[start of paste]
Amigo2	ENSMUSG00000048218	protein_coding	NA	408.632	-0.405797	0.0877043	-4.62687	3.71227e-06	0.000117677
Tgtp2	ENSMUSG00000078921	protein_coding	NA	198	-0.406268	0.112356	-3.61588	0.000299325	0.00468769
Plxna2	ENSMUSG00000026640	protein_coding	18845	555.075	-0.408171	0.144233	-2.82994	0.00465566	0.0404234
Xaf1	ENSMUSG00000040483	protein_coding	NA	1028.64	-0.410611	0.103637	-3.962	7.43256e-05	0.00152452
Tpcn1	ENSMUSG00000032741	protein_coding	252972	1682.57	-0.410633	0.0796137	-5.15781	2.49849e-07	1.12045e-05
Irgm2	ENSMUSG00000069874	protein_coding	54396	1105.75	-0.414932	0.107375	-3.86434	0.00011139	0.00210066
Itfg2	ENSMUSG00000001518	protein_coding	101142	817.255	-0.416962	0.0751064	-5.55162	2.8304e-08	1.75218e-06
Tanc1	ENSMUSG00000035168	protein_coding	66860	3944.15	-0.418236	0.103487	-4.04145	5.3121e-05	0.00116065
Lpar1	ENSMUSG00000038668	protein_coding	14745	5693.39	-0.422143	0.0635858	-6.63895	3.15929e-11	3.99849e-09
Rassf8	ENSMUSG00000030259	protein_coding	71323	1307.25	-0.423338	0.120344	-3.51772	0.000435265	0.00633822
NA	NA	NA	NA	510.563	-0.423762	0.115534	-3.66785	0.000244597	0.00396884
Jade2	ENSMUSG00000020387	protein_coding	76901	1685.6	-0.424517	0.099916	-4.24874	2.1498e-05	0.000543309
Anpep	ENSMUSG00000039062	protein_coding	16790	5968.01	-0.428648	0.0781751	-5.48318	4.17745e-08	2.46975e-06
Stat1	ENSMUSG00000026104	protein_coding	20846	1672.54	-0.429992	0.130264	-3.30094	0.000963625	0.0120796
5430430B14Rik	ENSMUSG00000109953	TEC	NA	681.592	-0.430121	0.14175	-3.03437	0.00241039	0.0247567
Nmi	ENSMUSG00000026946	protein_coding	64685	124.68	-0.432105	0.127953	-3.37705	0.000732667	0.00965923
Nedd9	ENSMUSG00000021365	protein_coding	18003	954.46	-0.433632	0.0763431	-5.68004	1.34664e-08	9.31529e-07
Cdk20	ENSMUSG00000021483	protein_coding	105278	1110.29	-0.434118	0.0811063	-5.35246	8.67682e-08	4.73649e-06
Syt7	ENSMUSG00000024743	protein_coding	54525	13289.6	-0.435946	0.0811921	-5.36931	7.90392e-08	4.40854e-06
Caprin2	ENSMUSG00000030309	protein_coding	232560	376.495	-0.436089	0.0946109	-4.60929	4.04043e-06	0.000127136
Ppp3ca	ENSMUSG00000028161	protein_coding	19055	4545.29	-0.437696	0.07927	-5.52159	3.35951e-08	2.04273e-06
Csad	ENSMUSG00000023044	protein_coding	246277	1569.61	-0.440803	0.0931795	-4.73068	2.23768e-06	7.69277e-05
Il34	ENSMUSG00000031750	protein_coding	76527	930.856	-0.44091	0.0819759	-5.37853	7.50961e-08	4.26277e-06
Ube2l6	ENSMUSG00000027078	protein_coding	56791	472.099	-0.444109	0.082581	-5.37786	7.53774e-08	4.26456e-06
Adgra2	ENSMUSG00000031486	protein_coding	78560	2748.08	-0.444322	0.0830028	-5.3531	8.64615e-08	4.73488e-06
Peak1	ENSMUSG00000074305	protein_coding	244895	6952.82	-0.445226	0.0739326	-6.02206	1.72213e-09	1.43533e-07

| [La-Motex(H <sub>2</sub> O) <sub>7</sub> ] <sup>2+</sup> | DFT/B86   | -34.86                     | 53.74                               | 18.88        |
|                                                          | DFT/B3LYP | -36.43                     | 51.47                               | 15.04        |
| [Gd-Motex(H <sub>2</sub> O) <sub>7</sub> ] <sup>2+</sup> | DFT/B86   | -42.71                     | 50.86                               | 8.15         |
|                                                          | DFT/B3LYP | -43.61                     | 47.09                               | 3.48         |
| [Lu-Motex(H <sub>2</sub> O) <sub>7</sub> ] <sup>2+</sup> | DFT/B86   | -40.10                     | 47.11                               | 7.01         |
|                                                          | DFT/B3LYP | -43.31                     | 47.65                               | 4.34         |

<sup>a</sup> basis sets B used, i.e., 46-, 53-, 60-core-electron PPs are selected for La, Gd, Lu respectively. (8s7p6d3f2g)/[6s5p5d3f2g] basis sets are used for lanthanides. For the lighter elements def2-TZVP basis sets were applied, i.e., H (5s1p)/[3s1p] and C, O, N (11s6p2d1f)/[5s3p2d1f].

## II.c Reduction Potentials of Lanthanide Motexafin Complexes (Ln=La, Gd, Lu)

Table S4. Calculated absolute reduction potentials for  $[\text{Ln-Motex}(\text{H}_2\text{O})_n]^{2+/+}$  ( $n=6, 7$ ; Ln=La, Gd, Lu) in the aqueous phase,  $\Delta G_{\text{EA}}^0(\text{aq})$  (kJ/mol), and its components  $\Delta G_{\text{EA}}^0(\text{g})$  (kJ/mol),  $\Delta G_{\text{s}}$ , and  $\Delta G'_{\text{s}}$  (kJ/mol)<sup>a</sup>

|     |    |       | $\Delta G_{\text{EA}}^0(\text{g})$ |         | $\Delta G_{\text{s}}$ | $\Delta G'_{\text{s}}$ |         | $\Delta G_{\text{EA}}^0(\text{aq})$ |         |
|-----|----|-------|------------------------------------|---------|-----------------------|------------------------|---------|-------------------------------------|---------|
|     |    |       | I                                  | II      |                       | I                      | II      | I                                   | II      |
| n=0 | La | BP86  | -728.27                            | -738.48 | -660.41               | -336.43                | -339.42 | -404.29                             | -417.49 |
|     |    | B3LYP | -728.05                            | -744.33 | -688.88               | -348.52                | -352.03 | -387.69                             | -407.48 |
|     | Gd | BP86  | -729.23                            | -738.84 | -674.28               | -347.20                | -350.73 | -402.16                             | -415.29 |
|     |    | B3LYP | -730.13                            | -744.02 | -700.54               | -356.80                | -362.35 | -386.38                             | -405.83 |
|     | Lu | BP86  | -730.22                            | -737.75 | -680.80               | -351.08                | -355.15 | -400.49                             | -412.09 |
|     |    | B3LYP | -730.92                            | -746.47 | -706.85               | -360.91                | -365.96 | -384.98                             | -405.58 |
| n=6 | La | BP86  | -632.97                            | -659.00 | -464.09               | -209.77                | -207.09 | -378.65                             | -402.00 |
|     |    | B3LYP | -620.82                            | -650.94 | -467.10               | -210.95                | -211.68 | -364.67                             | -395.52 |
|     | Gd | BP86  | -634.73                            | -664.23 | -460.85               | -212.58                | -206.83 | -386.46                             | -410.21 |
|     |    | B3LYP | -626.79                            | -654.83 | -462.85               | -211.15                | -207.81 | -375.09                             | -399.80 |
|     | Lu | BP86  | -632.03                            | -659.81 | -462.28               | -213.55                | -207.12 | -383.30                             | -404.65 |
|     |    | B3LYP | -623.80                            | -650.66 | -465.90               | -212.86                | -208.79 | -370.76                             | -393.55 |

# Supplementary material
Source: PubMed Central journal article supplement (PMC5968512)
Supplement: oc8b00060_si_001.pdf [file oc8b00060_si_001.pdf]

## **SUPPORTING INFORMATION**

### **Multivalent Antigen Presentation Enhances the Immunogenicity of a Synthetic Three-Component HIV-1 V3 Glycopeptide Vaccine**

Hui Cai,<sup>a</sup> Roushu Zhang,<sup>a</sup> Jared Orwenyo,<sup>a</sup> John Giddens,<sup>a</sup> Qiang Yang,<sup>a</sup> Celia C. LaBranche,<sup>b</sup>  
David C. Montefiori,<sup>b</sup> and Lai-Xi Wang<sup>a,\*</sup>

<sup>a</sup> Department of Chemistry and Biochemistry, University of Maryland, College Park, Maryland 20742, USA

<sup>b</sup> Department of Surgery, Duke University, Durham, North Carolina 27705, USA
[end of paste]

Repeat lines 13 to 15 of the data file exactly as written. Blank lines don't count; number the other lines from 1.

Anpep	ENSMUSG00000039062	protein_coding	16790	5968.01	-0.428648	0.0781751	-5.48318	4.17745e-08	2.46975e-06
Stat1	ENSMUSG00000026104	protein_coding	20846	1672.54	-0.429992	0.130264	-3.30094	0.000963625	0.0120796
5430430B14Rik	ENSMUSG00000109953	TEC	NA	681.592	-0.430121	0.14175	-3.03437	0.00241039	0.0247567